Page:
Here is a list of solar panel companies that have some or all of their manufacturing units in the US:
List of US Solar Panel Manufacturers (as of 2019)
- Heliene – Mountain Iron, MN
- Mission Solar – San Antonio, TX
- Solaria – Fremont, CA (HQ in the US)
- SolarTech Universal – Riviera Beach, FL
- SolarWorld Americas – Hillsboro, OR
- SunSpark – Riverside, CA
- Silfab Solar – Bellingham, WA
- Seraphim – Jackson, MS (HQ in the US)
- Tesla/Panasonic – Buffalo, NY
There are two notable aspects about these listed US solar panel manufacturing companies:
1.Many of these companies assemble all or some of their solar panels in the US. However, they import the key components from other countries, and these components too, fall under the new solar tariff except for the first 2.5 gigawatts (GW) of solar cells imported in a year.
In 2017, for example, the US had installed 12 GW of solar panels, out of which around 2.5 GW was manufactured in the country.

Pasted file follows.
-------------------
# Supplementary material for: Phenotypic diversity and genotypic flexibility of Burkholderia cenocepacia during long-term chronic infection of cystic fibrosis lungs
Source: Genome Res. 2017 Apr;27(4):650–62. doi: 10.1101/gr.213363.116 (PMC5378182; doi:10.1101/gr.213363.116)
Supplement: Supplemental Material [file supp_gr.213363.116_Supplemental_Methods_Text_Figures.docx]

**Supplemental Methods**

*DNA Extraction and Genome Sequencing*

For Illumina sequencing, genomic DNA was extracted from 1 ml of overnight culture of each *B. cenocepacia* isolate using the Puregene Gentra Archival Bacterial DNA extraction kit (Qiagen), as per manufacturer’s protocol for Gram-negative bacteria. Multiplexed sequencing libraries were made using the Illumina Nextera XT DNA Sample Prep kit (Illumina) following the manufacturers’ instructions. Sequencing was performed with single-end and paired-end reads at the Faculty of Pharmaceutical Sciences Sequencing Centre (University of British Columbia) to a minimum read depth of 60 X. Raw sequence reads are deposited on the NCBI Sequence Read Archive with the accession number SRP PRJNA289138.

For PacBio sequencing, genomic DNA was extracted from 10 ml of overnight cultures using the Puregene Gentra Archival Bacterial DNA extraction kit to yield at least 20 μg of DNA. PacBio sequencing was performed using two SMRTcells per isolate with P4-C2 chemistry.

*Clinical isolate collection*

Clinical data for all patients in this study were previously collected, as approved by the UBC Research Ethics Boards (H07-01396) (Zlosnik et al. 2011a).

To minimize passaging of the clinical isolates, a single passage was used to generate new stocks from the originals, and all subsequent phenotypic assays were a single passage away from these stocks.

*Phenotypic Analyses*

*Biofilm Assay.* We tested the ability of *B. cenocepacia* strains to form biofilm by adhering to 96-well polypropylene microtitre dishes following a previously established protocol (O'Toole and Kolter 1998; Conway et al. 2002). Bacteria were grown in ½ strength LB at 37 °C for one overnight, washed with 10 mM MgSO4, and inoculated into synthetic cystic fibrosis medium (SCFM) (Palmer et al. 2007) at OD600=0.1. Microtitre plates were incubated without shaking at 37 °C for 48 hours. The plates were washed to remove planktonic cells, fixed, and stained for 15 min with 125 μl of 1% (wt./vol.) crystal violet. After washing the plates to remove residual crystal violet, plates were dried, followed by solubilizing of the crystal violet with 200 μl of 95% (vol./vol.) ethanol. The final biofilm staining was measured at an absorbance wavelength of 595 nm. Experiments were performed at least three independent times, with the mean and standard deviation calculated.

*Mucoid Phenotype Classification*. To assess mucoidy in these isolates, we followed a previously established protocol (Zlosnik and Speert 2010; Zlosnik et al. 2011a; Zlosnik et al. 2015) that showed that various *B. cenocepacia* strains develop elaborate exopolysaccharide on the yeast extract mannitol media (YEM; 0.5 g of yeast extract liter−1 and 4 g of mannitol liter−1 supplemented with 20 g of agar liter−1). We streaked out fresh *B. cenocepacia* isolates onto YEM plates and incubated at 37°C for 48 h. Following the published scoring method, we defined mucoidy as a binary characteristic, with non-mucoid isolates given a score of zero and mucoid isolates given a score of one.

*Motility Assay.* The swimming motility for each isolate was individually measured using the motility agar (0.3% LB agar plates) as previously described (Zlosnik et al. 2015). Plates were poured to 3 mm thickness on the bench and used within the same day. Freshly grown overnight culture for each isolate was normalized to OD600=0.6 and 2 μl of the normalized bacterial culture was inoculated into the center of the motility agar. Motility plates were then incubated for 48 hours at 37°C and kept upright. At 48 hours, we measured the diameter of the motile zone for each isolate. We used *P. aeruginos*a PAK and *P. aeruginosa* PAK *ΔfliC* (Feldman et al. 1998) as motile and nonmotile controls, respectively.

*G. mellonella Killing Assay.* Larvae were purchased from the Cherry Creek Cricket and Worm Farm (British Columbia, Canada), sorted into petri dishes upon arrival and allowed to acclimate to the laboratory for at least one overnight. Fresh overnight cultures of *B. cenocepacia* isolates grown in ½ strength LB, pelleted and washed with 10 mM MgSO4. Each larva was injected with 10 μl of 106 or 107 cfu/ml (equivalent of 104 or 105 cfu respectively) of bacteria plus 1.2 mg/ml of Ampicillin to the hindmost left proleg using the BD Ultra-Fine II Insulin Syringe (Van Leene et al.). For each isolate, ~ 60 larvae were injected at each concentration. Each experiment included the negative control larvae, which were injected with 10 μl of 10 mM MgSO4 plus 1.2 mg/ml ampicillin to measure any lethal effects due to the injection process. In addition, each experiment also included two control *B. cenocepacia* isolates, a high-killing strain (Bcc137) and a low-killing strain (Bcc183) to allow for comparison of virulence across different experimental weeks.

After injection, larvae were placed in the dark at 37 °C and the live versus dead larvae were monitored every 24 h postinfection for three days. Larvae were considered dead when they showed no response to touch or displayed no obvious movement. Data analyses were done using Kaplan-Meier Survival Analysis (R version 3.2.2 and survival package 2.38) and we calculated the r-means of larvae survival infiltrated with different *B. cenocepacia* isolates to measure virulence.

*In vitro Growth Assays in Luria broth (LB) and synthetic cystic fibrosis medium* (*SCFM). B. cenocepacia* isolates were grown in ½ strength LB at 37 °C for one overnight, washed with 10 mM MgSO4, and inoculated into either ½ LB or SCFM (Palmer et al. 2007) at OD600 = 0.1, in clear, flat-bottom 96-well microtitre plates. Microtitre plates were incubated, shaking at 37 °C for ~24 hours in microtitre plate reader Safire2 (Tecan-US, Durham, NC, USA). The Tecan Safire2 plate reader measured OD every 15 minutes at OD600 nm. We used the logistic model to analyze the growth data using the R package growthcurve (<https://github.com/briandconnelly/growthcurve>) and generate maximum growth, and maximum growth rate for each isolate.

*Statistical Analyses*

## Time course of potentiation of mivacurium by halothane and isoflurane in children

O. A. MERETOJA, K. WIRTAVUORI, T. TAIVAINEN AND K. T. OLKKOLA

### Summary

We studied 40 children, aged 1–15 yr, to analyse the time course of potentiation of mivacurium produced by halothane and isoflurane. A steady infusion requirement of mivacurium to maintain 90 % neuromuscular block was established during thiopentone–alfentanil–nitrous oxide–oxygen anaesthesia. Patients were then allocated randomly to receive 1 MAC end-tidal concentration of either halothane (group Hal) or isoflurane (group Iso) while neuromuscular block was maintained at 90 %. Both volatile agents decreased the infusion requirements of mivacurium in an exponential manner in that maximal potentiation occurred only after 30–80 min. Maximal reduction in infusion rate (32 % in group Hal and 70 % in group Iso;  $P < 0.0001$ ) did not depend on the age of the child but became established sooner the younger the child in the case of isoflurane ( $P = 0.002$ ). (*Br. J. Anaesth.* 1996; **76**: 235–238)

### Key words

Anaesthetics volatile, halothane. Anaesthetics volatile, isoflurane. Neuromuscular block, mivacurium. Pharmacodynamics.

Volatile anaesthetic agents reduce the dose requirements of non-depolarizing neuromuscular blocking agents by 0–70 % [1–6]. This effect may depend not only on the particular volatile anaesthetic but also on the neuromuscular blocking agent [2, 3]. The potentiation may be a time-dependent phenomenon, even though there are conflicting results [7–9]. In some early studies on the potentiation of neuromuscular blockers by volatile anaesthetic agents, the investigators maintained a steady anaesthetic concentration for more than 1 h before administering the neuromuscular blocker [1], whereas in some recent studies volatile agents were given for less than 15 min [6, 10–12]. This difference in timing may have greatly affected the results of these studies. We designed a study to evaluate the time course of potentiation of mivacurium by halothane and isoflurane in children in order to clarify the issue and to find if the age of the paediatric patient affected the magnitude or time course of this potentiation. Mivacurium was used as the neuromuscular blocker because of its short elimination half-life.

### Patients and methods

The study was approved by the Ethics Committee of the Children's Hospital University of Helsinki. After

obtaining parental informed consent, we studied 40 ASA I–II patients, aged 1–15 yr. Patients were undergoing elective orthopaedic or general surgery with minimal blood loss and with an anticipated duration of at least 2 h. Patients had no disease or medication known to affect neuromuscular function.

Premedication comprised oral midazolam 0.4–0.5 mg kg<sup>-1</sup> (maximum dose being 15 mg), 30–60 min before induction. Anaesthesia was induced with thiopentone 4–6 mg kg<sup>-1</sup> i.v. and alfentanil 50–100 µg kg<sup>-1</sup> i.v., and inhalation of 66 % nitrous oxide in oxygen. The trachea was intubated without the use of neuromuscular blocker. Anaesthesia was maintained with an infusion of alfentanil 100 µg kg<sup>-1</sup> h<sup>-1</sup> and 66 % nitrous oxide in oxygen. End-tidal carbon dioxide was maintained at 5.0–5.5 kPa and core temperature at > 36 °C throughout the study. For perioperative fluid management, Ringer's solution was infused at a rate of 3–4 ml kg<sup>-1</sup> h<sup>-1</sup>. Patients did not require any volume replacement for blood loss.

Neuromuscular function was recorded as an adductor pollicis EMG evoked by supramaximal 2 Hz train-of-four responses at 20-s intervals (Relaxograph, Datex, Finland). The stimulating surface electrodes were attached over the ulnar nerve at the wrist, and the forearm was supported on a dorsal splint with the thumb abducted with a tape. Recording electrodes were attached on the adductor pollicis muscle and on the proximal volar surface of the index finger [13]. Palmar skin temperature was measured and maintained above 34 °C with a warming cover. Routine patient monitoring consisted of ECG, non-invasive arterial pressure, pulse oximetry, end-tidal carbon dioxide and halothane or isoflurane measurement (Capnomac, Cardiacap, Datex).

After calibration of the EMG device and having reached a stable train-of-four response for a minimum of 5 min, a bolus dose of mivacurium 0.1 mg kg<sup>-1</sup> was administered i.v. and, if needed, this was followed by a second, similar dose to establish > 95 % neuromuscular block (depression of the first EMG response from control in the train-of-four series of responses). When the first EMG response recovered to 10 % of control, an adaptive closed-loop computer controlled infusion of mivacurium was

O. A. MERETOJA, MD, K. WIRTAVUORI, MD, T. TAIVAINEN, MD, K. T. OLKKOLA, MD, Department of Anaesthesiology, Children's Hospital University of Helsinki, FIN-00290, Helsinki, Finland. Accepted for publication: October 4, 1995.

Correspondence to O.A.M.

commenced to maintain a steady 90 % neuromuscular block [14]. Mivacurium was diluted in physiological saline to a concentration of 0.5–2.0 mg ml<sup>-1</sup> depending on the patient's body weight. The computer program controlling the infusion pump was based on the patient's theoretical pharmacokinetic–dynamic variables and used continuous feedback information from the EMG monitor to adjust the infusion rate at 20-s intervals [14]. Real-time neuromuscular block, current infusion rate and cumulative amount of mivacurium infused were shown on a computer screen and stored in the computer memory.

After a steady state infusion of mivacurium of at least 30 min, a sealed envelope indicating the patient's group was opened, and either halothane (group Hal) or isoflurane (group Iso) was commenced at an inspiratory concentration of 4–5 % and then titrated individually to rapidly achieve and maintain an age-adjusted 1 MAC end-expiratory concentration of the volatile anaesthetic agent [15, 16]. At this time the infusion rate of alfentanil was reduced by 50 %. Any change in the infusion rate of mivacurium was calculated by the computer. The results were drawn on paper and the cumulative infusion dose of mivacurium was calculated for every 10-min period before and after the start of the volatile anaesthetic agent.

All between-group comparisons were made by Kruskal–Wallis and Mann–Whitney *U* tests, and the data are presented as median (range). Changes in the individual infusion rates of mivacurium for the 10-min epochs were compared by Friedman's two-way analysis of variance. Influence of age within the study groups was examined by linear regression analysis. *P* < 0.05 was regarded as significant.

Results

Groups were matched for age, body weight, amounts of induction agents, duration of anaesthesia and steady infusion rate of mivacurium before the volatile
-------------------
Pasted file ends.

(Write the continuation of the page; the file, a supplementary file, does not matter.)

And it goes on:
2. All of the companies listed above do not have their headquarters in the US. Some companies, like Heliene, have headquarters in Ontario, Canada. Others, like SolarWorld Americas, is a subsidiary of SolarWorld Innovations GmbH with headquarters in Bonn, Germany. However, these companies have their solar panel manufacturing units in the US.
Solar Energy Production Statistics
In the first half of 2018, the production of solar energy increased by 25.4%.
The third quarter of 2018 saw output from solar capacity topped 8% of total US electricity generation. It was 7% during the same period in 2017.
In 2019, the growth trend is poised to continue. There will also be changes such as emerging policies supporting renewable growth and increased investor interest in the energy sector.
Also, the implementation of advanced technologies will increase the value of solar energy to asset owners and customers.
As mentioned earlier, solar energy accounted for the largest percentage increase (25.4%) of all renewable energy sources in 2018.
Fig 5: Annual Solar Energy Production in the US (Source: eia.gov)
Tax Credits Statistics
The Solar Investment Tax Credit or ITC has boosted the solar industry in the US by providing stability and growth since it was rolled out in 2006.
During the past decade, the solar industry has grown at an average annual growth rate of 50%.
Before the potential expiration of the ITC in 2006, there was a spike in solar installations. Later the extension given in late 2015 has created stable federal policy around solar energy through 2021.